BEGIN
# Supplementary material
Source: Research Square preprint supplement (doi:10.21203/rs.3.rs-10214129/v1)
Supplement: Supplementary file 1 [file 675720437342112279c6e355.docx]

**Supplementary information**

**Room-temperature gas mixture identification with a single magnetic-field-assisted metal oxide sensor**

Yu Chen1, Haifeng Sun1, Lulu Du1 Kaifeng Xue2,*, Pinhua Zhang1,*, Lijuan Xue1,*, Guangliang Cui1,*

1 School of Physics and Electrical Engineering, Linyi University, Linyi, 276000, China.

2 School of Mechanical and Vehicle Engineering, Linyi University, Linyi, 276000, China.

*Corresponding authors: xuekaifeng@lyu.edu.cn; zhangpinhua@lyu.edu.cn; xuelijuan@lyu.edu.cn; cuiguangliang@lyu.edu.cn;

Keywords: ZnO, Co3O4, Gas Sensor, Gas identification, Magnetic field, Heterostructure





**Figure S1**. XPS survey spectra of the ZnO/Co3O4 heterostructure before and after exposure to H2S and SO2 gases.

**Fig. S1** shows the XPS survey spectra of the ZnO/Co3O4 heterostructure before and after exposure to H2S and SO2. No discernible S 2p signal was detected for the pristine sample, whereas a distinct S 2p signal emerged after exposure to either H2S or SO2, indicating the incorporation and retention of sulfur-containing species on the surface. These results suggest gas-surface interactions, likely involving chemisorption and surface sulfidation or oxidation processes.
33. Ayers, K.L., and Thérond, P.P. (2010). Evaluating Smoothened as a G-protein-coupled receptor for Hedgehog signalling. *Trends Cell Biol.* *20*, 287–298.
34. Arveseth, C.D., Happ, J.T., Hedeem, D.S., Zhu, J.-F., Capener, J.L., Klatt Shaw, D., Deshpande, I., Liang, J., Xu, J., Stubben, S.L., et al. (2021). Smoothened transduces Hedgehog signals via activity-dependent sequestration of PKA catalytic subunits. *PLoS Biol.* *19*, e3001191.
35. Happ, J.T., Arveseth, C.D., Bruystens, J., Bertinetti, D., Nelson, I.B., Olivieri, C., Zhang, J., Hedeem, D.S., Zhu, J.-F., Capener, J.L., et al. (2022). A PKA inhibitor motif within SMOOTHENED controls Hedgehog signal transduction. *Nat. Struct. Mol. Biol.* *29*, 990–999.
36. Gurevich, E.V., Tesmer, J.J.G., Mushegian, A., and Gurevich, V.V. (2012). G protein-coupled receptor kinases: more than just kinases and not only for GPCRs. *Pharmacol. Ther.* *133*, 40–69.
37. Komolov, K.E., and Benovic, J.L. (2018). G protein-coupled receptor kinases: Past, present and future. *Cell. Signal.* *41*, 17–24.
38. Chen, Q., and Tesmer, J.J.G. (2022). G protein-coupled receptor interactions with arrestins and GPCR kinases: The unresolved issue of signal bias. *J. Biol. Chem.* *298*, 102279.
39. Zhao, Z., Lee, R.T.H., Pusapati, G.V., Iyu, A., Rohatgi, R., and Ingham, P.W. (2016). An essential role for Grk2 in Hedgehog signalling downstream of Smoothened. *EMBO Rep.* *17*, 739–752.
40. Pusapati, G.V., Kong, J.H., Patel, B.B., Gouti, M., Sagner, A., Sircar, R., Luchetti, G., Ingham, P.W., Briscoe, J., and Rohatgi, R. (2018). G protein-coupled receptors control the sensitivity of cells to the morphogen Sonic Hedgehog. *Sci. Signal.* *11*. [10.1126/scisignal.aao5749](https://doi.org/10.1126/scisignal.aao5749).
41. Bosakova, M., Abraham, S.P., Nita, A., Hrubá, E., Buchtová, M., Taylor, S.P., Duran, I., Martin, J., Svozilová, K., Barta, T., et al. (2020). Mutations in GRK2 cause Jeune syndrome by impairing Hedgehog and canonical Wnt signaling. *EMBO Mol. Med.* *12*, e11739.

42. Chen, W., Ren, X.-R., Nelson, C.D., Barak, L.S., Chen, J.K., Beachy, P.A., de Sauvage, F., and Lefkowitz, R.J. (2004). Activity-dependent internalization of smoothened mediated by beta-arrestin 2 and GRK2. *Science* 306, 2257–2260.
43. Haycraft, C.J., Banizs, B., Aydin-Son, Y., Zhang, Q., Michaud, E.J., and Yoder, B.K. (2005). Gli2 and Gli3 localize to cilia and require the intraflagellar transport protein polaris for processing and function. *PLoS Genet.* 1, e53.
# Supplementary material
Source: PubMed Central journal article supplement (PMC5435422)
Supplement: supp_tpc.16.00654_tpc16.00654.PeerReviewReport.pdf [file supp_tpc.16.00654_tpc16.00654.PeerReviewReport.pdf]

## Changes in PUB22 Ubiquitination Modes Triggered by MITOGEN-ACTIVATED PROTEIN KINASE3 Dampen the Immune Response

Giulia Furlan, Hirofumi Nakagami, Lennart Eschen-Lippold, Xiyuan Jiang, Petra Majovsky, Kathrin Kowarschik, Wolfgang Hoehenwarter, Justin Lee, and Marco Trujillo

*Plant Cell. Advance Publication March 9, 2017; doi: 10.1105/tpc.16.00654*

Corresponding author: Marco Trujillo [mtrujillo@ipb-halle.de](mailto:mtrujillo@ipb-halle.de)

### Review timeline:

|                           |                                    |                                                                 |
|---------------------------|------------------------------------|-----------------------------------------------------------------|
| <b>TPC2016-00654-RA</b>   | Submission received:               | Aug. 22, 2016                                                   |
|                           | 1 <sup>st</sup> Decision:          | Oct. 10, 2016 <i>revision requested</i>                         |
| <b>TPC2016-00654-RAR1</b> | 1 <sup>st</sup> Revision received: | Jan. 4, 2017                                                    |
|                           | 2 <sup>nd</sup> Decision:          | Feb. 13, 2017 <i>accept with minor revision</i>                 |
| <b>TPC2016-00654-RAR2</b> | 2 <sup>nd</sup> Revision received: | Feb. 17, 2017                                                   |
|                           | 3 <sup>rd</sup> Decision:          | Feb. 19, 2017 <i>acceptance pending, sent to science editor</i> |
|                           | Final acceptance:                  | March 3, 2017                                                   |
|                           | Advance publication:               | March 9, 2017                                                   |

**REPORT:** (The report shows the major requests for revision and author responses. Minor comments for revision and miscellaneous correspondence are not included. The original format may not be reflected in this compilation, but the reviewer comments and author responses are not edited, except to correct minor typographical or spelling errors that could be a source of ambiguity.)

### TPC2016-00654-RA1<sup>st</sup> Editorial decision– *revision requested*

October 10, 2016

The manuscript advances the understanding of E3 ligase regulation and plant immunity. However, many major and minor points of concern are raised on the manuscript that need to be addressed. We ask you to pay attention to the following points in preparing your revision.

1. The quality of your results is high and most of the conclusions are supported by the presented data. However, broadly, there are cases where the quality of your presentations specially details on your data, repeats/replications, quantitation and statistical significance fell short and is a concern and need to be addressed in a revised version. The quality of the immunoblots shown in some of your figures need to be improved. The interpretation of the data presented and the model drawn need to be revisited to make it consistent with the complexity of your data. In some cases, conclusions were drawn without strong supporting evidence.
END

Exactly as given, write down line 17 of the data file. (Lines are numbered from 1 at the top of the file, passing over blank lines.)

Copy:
37. Komolov, K.E., and Benovic, J.L. (2018). G protein-coupled receptor kinases: Past, present and future. *Cell. Signal.* *41*, 17–24.